Despite the silly games and quizzes which serve no other purpose than to pass time in a harmless way, Facebook has many good uses. Not only does it allow old friends and acquaintances to stay in touch, but because people share links to interesting news stories and articles, Facebook can be a gold mine of information too. Fellow lawyer and UP College of Law alumnus Mike Ureta recently shared a link to a news story on an Australian study about factors that affect the longevity of marriage.
The study, entitled “What’s Love Got to Do With It”, followed 2500 married and live-in couples from 2001 through 2007 and concludes that it takes a lot more than love to make a marriage or a relationship last. The factors include money, vices, the desire to have children, children from previous marriages and the marital success of the parents of each spouse.
The curious thing about the study – based, at least, on the news report – is how it equates divorce or separation with a failed marriage or relationship although this can be easily explained by the fact that the study was conducted in a country where divorce is accessible to married couples. The even more curious thing is the implication that longevity means satisfactory relationships.
Naturally, I did wonder whether the implication is simply inside my head or whether the study purposely avoided that very problematic area or even whether the news article simply missed it altogether. Whichever the case may be, if we observe couples we know, and if we read the news everyday, it is quite obvious that not all failed marriages end in divorce and not all failed relationships end in separation – even in countries where divorce is legal and even easily obtainable.
One obvious argument in favor of equating longevity with a satisfactory relationship is that people who stay together are perceived as not having given up on working out their relationship with each other. It’s one angle, yes, and probably a valid one too. But does it apply to all married couples that stay together for most, if not all, of their lives?
In marriage, there are countless reasons why, despite the availability of divorce, couples decide to stay together even when the reasons why they got together in the first place no longer exist. I agree with the study that money is a factor. But I doubt if the study sees money in marriage in the context in which I do. Poverty and unemployment contribute to failed marriages significantly, according to the study, while couples who enjoy financial stability stayed together.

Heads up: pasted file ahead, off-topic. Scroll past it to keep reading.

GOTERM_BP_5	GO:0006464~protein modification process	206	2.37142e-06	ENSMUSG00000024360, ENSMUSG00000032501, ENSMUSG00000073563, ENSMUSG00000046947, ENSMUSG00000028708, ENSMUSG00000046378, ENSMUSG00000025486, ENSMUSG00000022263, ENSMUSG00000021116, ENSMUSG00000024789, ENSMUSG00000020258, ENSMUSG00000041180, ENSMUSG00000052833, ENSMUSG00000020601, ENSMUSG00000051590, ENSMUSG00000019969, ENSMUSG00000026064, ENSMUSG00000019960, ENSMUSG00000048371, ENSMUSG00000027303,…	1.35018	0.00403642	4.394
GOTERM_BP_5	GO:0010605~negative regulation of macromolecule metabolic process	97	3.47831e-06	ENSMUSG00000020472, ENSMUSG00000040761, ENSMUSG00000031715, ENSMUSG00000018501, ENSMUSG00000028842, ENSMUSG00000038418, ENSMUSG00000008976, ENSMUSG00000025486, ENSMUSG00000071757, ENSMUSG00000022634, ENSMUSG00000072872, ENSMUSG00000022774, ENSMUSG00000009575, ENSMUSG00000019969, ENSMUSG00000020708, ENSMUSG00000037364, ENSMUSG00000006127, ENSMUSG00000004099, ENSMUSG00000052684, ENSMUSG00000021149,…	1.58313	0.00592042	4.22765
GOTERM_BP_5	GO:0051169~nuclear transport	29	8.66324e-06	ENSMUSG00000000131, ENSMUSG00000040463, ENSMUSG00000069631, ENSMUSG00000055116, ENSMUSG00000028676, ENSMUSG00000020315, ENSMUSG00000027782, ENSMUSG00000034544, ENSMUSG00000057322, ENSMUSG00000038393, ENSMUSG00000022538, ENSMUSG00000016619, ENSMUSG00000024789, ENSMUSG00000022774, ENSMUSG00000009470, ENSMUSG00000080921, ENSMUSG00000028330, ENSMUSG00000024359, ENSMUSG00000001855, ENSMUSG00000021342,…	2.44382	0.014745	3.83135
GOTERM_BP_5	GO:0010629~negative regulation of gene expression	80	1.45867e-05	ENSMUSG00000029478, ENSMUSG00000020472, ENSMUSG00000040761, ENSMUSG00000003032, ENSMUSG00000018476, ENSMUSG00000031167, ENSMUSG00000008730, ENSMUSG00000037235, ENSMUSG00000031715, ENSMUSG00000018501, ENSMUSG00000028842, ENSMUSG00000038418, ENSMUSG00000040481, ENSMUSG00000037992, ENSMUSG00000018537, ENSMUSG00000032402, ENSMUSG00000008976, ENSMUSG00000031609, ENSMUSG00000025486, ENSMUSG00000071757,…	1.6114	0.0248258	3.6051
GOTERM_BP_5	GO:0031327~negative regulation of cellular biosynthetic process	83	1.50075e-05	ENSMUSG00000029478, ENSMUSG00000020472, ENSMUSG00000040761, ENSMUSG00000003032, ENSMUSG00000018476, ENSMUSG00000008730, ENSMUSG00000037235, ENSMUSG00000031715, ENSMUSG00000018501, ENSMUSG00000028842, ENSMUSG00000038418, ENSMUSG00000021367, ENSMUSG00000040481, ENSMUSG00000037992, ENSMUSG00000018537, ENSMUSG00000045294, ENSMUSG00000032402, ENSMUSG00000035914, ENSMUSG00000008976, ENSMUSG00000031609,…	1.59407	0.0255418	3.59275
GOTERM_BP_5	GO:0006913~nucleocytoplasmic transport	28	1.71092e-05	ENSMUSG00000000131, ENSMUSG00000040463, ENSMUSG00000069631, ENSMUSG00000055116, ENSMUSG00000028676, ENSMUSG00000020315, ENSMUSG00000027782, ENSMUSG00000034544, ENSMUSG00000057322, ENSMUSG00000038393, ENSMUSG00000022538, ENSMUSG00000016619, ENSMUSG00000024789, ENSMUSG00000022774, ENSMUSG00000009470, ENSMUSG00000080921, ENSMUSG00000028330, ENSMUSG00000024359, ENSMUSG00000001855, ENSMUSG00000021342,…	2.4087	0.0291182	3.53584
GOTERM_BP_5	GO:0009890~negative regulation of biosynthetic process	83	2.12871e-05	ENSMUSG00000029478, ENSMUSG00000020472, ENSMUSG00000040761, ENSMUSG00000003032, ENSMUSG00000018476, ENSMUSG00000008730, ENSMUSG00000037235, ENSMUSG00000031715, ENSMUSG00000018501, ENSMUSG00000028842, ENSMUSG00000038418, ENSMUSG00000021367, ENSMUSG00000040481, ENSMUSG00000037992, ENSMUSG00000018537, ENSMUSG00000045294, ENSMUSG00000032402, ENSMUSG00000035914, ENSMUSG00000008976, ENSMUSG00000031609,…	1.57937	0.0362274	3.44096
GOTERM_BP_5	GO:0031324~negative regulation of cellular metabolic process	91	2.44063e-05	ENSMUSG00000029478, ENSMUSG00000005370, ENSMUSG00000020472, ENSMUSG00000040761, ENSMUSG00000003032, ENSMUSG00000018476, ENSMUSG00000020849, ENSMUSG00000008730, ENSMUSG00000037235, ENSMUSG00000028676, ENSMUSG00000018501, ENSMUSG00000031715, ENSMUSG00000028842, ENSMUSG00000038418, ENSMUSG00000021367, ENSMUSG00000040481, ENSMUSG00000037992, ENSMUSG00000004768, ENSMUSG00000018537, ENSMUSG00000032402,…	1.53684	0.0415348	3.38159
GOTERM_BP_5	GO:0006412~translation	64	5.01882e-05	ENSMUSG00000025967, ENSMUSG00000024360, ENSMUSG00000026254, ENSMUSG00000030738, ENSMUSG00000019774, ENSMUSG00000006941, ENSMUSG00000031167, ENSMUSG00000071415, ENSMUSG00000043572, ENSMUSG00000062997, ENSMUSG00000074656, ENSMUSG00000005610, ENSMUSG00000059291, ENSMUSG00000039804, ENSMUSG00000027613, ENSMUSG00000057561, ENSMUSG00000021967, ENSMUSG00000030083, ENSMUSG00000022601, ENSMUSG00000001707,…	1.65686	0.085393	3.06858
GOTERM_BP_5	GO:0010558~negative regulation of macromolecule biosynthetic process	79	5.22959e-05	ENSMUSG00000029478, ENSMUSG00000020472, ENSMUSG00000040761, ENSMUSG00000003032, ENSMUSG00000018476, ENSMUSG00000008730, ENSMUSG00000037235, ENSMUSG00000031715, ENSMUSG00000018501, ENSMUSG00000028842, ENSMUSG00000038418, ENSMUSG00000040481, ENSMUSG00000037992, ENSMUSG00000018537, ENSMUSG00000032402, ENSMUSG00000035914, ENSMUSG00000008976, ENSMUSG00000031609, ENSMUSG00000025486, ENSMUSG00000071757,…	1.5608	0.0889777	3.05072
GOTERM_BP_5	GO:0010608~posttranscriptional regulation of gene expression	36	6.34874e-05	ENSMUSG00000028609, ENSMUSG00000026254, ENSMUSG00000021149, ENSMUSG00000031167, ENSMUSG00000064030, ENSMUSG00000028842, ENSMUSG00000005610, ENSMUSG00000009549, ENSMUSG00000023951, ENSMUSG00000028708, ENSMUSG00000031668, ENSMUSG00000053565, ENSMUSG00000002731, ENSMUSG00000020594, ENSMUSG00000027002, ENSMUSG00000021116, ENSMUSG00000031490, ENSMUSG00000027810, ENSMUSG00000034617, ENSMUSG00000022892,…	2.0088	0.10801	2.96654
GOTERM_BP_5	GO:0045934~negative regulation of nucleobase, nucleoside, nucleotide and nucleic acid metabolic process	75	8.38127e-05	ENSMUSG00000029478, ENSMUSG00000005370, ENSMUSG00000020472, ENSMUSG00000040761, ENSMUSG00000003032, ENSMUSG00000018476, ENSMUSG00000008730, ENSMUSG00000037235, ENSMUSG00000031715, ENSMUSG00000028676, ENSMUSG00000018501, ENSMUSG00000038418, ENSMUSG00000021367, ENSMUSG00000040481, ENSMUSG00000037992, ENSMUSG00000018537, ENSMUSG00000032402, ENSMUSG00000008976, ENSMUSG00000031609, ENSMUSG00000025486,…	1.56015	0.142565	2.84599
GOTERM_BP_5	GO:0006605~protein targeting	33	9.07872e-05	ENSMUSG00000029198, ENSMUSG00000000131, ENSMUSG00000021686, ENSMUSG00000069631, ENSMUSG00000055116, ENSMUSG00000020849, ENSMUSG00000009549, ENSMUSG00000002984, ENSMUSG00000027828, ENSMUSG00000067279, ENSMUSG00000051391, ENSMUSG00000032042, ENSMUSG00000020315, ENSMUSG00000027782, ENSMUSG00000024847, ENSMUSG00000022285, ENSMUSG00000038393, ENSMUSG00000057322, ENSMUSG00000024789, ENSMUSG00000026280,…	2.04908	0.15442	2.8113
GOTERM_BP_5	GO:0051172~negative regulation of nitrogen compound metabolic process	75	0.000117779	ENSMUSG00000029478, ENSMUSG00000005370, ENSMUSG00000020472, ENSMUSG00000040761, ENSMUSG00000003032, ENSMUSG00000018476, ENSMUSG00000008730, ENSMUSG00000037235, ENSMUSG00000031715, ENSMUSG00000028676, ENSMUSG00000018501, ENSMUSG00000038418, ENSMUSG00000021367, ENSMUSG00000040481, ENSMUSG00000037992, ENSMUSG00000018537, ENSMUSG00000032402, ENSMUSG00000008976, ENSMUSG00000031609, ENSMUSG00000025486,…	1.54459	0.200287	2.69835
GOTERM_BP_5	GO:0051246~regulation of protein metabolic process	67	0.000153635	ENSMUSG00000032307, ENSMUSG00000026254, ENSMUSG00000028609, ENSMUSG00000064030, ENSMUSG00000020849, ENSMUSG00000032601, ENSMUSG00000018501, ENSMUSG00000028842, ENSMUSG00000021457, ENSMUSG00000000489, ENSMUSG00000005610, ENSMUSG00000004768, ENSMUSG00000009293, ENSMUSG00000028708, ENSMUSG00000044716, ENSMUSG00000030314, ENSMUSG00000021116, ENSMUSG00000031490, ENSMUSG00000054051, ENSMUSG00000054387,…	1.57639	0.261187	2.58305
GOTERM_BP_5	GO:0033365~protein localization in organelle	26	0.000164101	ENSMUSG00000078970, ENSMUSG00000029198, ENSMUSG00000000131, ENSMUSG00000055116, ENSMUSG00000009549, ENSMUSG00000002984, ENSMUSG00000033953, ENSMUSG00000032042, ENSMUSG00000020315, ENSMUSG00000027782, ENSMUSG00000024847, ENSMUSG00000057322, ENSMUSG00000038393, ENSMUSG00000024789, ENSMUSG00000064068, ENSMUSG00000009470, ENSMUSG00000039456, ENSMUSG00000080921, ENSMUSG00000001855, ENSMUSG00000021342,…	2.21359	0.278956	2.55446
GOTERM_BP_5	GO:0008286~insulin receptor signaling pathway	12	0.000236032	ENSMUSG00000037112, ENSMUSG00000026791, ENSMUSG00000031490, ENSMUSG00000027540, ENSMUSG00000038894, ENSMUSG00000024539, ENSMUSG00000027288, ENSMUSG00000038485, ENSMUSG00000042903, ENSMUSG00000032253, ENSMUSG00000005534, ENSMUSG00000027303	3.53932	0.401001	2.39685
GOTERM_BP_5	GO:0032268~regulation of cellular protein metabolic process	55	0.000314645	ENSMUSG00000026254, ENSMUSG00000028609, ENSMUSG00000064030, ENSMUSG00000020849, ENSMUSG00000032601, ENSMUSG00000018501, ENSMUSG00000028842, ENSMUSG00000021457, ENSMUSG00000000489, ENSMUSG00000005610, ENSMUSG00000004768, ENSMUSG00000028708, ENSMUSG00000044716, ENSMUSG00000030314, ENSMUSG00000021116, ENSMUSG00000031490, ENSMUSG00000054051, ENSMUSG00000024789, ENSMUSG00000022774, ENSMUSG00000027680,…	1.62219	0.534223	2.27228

See, there are couples who have built business empires together and splitting what they have built might mean financial ruin – so they stay married. There is also the dependency angle. A wife who has no independent income will think twice before ending a marriage with a philandering husband who provides for all her material needs. And there is the settlement and alimony angle. A husband who wants to marry another woman will think hard because a divorce usually means he’ll have to give up half of what he has put up and probably pay alimony in addition. In short, where money is concerned, couples might opt to stay together only to preserve financial stability and despite unsatisfactory personal relationships with their spouses.
What about children? According to the study, couples with children from previous marriages are more likely to divorce. And where one spouse wants to have children more than the other, the marriage is likely to fail too. But what about couples with children together and none from previous marriages? If they stay together but only for the children’s sake, does it mean their marriage is a good one?
Couples in very conservative cultures have it worse. In a country like the Philippines where marriage is elevated to something spiritual and where separation still carries a social stigma, there are couples who continue to live together even after the relationship has soured and even when one or both spouses have taken up (semi) permanent relationships with other parties. There are also couples who stay together even when one spouse subjects the other to abuse on a regular and sustained basis. And because of the association of marriage with procreation, among couples who have children, it is not uncommon to hear them say that they stay together for the sake of the children despite regular domestic abuse.
Longevity in marriage does not always mean a happy nor satisfactory relationship. There are times when longevity is just an image, a cloak with which a marriage is wrapped to prove that a good relationship still exists even when it has long since vanished. It’s like the opposite of Harry Potter’s invisibility cloak. While the invisibility cloak hides a real person, longevity in marriage provides an outward and perceptible manifestation of a relationship that, in its real and most profound essence, no longer exists.